While watching the video together, the other members saw your scenes and said it was all freestyle and that it was mind-blowing to see on the day. What did you aim to express?
NI-KI: I wanted to make a strong impression with my dancing in all the scenes, so I talked it over with the performance director and danced freestyle to make it look natural. I added a dark atmosphere to the “Dusk-Dawn” trailer by intentionally twisting my back like a zombie. I wanted to make a completely new character for the music video for the lead single. I was reminded of a movie I saw before, but I wanted to show people something that was my own.
In “Given-Taken,” you break free from the chain around your feet and float in midair, singing the lyrics, “Between giving and taking / It’s time for my proving.” What did these lyrics mean to you?
NI-KI: I’m still having a hard time with that. (laughs) Hmm … I imagined myself struggling between what I was given and what I had taken. The “given” part makes me think of everyone who supported me and my debut, and also maybe my talent and luck. And I have “taken” the debut by running towards my goal. When I was on I-LAND I worried whether I would be able to debut or not, but these days I worry whether I can do a good job as a member of ENHYPEN.
NI-KI: I was especially nervous and prepared a lot for the debut show since it was our first ever performance. I couldn’t actually meet the fans because of COVID-19, but I was really happy we could at least see their faces. I wanted to really thank everyone who watched our performance. When we went back home after the show, JUNGWON and I talked about how, “Even though we had some hard times leading up to our debut, it was touching to meet our fans through that surprise video.” And then fell asleep at around four in the morning. That’s the time I usually go to bed, and I always read the letters I got when I was on I-LAND before I fall asleep, even though I’m tired. They always give me strength.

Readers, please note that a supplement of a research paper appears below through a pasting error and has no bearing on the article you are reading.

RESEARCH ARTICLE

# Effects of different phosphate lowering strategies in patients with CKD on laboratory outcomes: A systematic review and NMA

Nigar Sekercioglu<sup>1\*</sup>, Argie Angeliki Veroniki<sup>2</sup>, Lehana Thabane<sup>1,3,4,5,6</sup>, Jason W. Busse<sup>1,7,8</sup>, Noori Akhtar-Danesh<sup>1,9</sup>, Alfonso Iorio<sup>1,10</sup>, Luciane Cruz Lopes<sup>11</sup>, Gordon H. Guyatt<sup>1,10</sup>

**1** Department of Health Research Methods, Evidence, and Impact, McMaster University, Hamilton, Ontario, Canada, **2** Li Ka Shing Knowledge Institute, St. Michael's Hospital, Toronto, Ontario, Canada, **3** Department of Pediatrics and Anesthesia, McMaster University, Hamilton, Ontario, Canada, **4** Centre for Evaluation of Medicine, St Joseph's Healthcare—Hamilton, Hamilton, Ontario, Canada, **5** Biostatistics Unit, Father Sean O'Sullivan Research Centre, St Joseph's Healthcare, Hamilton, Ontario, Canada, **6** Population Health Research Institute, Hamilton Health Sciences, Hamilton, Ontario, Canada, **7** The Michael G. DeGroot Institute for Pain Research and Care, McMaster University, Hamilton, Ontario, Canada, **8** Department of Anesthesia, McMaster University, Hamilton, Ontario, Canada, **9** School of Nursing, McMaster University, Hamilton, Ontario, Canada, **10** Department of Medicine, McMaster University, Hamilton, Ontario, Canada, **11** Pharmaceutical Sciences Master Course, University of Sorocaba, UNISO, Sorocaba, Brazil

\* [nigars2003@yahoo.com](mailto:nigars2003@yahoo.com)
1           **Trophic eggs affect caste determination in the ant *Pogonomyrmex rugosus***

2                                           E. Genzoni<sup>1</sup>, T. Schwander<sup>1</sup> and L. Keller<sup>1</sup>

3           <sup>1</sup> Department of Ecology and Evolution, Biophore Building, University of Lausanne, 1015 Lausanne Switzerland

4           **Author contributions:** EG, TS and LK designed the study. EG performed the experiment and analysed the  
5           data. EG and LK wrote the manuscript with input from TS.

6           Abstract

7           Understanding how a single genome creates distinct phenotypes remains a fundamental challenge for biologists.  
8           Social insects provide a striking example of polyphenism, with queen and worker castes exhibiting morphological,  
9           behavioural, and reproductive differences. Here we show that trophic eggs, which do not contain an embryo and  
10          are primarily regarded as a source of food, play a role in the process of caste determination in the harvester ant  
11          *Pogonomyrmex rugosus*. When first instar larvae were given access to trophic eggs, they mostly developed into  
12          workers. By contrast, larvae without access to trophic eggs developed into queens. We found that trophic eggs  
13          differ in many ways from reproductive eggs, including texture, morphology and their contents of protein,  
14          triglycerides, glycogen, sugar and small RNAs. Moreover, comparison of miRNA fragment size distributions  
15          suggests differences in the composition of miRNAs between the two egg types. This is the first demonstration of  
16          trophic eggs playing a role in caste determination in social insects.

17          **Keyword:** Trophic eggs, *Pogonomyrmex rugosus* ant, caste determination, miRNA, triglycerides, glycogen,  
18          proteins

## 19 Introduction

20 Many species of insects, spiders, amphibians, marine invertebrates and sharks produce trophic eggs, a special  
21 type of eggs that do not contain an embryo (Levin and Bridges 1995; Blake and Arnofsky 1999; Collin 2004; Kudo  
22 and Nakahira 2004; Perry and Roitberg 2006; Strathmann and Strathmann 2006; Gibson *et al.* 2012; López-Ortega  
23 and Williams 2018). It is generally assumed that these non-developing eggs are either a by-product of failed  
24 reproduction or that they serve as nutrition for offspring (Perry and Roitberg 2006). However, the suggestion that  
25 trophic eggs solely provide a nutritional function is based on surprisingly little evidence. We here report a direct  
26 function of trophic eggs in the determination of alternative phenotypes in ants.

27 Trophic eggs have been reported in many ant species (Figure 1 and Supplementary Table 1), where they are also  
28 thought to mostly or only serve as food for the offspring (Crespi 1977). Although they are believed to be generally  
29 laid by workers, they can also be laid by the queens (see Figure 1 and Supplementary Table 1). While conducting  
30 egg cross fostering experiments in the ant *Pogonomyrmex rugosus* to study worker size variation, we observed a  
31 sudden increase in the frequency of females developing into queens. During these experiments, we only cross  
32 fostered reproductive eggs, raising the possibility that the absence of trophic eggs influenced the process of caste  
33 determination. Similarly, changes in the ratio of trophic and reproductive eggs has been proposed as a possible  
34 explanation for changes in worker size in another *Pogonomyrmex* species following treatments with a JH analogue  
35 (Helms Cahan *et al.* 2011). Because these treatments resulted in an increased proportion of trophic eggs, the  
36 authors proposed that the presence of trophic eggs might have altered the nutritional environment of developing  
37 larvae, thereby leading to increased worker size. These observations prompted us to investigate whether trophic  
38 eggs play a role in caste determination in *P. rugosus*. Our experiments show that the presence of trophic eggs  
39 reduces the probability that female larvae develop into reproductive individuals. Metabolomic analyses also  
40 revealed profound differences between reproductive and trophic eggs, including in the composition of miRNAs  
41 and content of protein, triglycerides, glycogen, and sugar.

Did looking at the fan reactions to your debut also give you strength?
NI-KI: It felt good when I read one comment saying it exceeded their expectations. There were some negative reactions, too, but I try to see those comments in a positive light. It makes me think how I can practice hard and put on an even better performance next time.
The fans also give you cute nicknames. Which one is your favorite?
NI-KI: Boongeoppang. If they draw a picture of NI-KI, I hope that a picture of a little fish shaped pastry is included too. (laughs) For me, it’s all about the red bean boongeoppang. The other flavors are good, too, but I like the simplicity of the red bean kind. I eat them head first. I like Puma, too. Some fans posted pictures of me, comparing when I started I-LAND and when we finished, and said I look like a puma.
That explains why you use the leopard emoji every time you post on the Internet. It looks like a puma.
NI-KI: I communicate online a lot since it’s impossible to meet people face to face right now. I’ll do my best to repay all the people who have supported me until now. I’ll keep that in mind when we perform. And I hope ENGENE and ENHYPEN can finally meet as one. I think it’ll be more fun to perform for them after not being able to meet them for so long. I imagine our fun future performances whenever we practice. When we get a chance to see them in person, the very first thing I want to do is thank them.
What does this future performance you see when you practice look like?
NI-KI: I remember how incredibly beautiful the lights in the audience looked from the stage, when I found my dream. I want the light from everyone’s light sticks to shine on me like they did then. And I think it’ll give me a boost when I hear all of them cheering. I want to put on a wonderful show for our fans—a performance that we can all enjoy together, where we can communicate with the fans, like if we ride around the whole arena giving out gifts like autographed balls or something.
NI-KI: When I was three years old, my dad showed me a concert video. I remember how after that I would watch that video alone for, like, five hours every day, just practicing. That’s how much I liked dancing, and I want to keep dancing forever. I think that’s the most important feeling in my life.
What do you like most, other than dancing?
NI-KI: Microphones. Headset microphones. Even before I dreamed of becoming an idol, I saw performers wearing those headsets and thought that I wanted to wear one someday. I imagined myself with my own microphone and in-ear monitors, so now they’re very valuable things to me.
And your childhood dreams came true. Now, imagining further into the future, what kind of artist do you want to be remembered as?
NI-KI: An artist who gives a lot of people good energy, happiness, and can move them. I want to leave people with a lingering impression. My hope is that I can keep growing in every way.